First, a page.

548 F2d 779 Stevens v. Junior College District of St Louis St Louis County

548 F.2d 779

14 Fair Empl.Prac.Cas. 752,
13 Empl. Prac. Dec. P 11,551
Agnes E. STEVENS, Appellant,
et al., Appellees.

No. 76-1445.

United States Court of Appeals,
Eighth Circuit.

Submitted Jan. 12, 1977.
Decided Feb. 14, 1977.

Susan Spiegel, Mid-American Employment Rights Project, St. Louis, Mo., for appellant; Michael J. Hoare, St. Louis, Mo., and Francis L. Ruppert, American Civil Liberties Union, Clayton Mo., on brief.

Edwin S. Fryer, St. Louis, Mo., for appellee; John P. Emde and Fred Leicht, Jr. of Armstrong, Teasdale, Kramer & Vaughan, St. Louis, Mo., on brief.

Before MATTHES, Senior Circuit Judge, and BRIGHT and HENLEY, Circuit Judges.


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Agnes E. Stevens filed this action in the district court claiming that she had been demoted and subsequently discharged by The Junior College District of St. Louis, St. Louis County, Missouri (District) on the basis of her race, in violation of Title VII of the Civil Rights Act of 1964, 42 U.S.C. § 2000e et seq. and 42 U.S.C. §§ 1981 and 1983. The case was tried to the court without a jury. Thereafter, the court, in a detailed opinion, Stevens v. Junior College Dist. of St. Louis, 410 F.Supp. 309 (E.D.Mo.1976), awarded judgment in favor of the District. This appeal by plaintiff followed. We affirm.


The trial consisted of the introduction of a large number of exhibits, most of which were offered by plaintiff, two witnesses for the plaintiff and one for the defendant.1


The district court in its opinion made extensive findings of fact, all of which are amply supported by the record. We therefore recite the facts only briefly.


Plaintiff, a black woman, was employed by the District as an Accounting Clerk II in the Employee Benefits Section of the Finance Department from January 16, 1969, until April 3, 1972, when she was demoted to the position of Accounting Clerk I in the Accounts Payable Section of the same department. Plaintiff's transfer and demotion were the result of a decision by her supervisor, Arnold Snyder, who is also a black. Until her demotion, plaintiff was the only employee in the Employee Benefits Section, where she was responsible primarily for withholding sums from payroll checks and remitting premiums to insurance carriers. Plaintiff was replaced by one part-time and one full-time employee. The part-time employee, a black woman, was a professional accountant. The other, a white woman, was classified as Accounting Clerk I. The replacement employees worked for six months to correct errors made by Miss Stevens.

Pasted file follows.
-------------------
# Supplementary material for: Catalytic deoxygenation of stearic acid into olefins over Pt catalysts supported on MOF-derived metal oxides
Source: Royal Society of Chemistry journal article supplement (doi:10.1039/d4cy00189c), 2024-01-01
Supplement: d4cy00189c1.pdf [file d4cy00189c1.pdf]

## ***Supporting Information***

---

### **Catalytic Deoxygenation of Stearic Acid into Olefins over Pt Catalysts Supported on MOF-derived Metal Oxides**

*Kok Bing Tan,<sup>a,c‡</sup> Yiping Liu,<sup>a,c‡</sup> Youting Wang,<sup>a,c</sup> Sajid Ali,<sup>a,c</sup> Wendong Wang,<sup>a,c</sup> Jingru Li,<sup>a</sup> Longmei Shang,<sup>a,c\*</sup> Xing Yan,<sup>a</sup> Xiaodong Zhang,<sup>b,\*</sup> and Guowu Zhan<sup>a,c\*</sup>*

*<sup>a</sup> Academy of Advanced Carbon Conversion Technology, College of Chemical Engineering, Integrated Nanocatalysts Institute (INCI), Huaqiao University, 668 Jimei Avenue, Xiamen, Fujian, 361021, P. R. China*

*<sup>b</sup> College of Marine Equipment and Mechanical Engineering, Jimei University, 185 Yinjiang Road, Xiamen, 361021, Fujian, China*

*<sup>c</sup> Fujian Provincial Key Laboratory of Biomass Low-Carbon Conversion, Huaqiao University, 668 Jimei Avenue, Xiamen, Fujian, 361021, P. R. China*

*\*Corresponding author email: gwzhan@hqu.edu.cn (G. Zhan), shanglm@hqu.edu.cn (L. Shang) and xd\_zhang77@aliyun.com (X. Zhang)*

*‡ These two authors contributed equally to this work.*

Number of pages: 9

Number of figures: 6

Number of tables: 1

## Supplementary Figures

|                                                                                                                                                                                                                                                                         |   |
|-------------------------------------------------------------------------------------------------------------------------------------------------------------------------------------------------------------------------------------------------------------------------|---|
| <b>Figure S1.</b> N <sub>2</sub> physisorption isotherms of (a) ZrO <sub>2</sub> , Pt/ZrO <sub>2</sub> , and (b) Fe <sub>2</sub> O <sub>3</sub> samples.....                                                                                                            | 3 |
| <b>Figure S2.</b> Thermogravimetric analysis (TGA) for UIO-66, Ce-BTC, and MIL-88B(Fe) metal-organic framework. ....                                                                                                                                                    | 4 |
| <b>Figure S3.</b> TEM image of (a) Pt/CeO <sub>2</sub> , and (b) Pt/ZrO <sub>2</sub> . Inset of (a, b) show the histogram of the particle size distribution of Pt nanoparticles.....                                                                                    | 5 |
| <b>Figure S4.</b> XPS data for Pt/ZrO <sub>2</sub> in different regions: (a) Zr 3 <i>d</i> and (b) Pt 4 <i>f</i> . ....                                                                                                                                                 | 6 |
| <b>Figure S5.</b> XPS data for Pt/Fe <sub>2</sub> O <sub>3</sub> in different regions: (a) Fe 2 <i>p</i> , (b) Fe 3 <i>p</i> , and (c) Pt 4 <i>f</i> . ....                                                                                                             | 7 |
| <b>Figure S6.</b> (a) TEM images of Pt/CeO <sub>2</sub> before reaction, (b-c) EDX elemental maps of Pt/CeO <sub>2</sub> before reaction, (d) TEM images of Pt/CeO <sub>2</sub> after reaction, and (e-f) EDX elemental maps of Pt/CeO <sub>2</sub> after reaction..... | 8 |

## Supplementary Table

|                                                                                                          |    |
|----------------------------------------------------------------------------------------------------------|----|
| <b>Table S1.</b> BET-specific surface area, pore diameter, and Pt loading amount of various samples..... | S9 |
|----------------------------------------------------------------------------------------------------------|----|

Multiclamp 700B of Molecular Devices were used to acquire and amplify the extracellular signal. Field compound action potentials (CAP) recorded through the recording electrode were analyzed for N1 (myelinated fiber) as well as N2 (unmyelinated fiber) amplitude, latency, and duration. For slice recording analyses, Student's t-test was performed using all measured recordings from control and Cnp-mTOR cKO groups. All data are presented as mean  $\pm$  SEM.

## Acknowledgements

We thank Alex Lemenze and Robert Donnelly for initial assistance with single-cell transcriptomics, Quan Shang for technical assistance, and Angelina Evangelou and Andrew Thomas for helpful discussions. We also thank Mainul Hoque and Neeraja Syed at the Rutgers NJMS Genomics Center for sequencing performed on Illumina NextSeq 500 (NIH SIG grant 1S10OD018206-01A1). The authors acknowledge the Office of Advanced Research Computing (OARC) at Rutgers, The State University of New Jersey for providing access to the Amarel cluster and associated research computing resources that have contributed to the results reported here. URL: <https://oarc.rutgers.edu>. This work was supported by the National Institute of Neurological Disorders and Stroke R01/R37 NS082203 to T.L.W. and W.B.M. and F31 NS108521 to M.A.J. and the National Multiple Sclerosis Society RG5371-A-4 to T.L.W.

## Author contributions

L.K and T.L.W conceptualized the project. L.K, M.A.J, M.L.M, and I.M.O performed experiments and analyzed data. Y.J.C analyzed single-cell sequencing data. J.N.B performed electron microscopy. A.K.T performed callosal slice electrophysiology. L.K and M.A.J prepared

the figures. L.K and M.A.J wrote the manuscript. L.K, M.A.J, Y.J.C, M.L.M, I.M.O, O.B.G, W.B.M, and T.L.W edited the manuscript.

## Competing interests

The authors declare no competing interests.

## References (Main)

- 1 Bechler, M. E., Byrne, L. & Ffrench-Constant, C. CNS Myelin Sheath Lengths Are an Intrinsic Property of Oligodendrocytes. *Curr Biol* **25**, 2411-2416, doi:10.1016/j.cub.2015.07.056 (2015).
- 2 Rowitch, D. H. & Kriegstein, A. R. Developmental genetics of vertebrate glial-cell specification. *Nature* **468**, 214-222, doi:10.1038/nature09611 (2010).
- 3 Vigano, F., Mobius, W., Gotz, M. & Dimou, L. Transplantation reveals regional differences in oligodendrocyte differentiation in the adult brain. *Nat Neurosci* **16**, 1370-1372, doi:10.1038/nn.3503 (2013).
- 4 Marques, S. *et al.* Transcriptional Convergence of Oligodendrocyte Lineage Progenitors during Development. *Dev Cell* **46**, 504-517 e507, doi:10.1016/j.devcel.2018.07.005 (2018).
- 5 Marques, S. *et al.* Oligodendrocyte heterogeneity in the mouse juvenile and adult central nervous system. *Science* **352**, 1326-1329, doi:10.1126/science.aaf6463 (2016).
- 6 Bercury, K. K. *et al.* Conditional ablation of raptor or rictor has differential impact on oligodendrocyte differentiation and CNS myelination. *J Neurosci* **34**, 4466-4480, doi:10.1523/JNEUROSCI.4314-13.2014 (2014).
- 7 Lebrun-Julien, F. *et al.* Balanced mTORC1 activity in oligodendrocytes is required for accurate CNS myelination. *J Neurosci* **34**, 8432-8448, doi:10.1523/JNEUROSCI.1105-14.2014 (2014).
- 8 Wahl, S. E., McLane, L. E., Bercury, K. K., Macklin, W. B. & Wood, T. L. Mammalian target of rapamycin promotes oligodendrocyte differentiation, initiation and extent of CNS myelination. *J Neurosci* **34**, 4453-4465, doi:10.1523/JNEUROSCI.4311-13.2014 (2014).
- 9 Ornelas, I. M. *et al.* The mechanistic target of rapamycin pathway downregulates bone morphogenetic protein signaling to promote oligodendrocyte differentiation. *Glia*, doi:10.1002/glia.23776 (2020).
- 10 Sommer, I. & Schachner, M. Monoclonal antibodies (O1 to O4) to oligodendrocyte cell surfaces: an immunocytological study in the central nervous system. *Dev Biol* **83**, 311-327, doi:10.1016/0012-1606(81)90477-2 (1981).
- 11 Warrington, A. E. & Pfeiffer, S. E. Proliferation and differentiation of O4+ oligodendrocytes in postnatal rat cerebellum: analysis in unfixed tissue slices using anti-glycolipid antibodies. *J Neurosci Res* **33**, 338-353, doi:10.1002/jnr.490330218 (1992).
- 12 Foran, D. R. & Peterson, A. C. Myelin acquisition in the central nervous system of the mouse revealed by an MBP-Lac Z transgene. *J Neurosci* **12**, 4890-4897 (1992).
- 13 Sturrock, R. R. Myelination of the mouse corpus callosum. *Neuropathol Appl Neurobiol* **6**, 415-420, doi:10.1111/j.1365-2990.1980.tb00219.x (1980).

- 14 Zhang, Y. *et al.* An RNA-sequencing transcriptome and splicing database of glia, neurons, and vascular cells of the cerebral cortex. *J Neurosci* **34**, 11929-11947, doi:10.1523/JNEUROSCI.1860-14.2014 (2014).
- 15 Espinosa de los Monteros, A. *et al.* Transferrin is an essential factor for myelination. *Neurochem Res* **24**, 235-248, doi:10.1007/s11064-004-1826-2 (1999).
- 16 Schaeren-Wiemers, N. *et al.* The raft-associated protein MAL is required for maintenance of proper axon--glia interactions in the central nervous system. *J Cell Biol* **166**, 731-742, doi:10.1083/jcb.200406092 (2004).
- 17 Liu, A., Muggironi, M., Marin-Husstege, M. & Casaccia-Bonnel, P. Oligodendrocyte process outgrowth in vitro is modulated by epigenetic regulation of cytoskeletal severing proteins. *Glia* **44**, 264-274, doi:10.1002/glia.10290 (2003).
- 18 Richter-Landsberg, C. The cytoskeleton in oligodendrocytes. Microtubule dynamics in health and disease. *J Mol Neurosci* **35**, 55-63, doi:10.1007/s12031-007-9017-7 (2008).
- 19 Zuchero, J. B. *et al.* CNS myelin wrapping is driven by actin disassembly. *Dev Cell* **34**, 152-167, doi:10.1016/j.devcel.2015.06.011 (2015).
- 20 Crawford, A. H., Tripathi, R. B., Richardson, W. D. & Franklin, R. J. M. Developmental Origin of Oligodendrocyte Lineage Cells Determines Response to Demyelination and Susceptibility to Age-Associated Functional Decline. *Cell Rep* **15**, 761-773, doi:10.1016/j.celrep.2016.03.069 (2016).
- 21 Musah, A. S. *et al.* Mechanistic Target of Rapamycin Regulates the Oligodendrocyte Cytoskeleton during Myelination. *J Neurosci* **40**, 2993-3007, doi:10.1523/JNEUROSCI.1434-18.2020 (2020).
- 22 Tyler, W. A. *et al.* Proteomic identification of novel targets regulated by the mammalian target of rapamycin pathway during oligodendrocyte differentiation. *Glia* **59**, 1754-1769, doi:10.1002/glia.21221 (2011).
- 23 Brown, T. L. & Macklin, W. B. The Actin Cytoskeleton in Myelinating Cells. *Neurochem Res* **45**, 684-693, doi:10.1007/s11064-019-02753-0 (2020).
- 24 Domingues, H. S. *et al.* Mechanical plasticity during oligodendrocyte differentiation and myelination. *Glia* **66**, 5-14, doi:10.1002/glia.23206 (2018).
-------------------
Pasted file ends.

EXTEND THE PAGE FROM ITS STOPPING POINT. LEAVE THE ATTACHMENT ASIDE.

Miss Stevens filed charges with the EEOC on April 18, 1972. On April 25, Miss Stevens met with Snyder and the Vice-President for Financial Affairs, who informed her that there were three reasons for her reassignment: (1) her offensive personal habits; (2) the quality of her work; and (3) her practice of conducting her own real estate business on District time. The Vice-President for Financial Affairs also stated that she was sorry Miss Stevens felt that "she had to go outside the District with this problem, that all avenues in the District should have been tried." Mr. Snyder testified that, in his opinion, the reference was to a letter Miss Stevens had written to Congressman Aikins.


On August 23, 1972, plaintiff was discharged. The incident which immediately precipitated her termination involved a confrontation during which Miss Stevens directed derogatory epithets at Mr. Snyder. The reason given for the discharge was "inability to perform the duties of the job assigned," but Mr. Snyder testified that additional reasons included frequent use of profane language and offensive personal habits. At the time of discharge, Mr. Snyder was aware that plaintiff had filed charges with the EEOC.


Miss Stevens filed an additional charge with the EEOC on March 27, 1973, and within ninety days of receipt of her Notice of Right to Sue initiated this suit in the district court.

The district court concluded that:

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(P)laintiff was transferred solely because of her poor performance, use of profane language, and offensive personal habits. The Court has further found that these same considerations were the sole reasons for her discharge. Plaintiff was not discriminated against on account of her race, nor in retaliation for the filing of charges with the Equal Employment Opportunity Commission. Therefore, Title VII has not been violated. Christian v. General Motors Corporation, 341 F.Supp. 1207 (E.D.Mo.1972), aff'd, 475 F.2d 1407 (8th Cir. 1973).


410 F.Supp. at 311-12.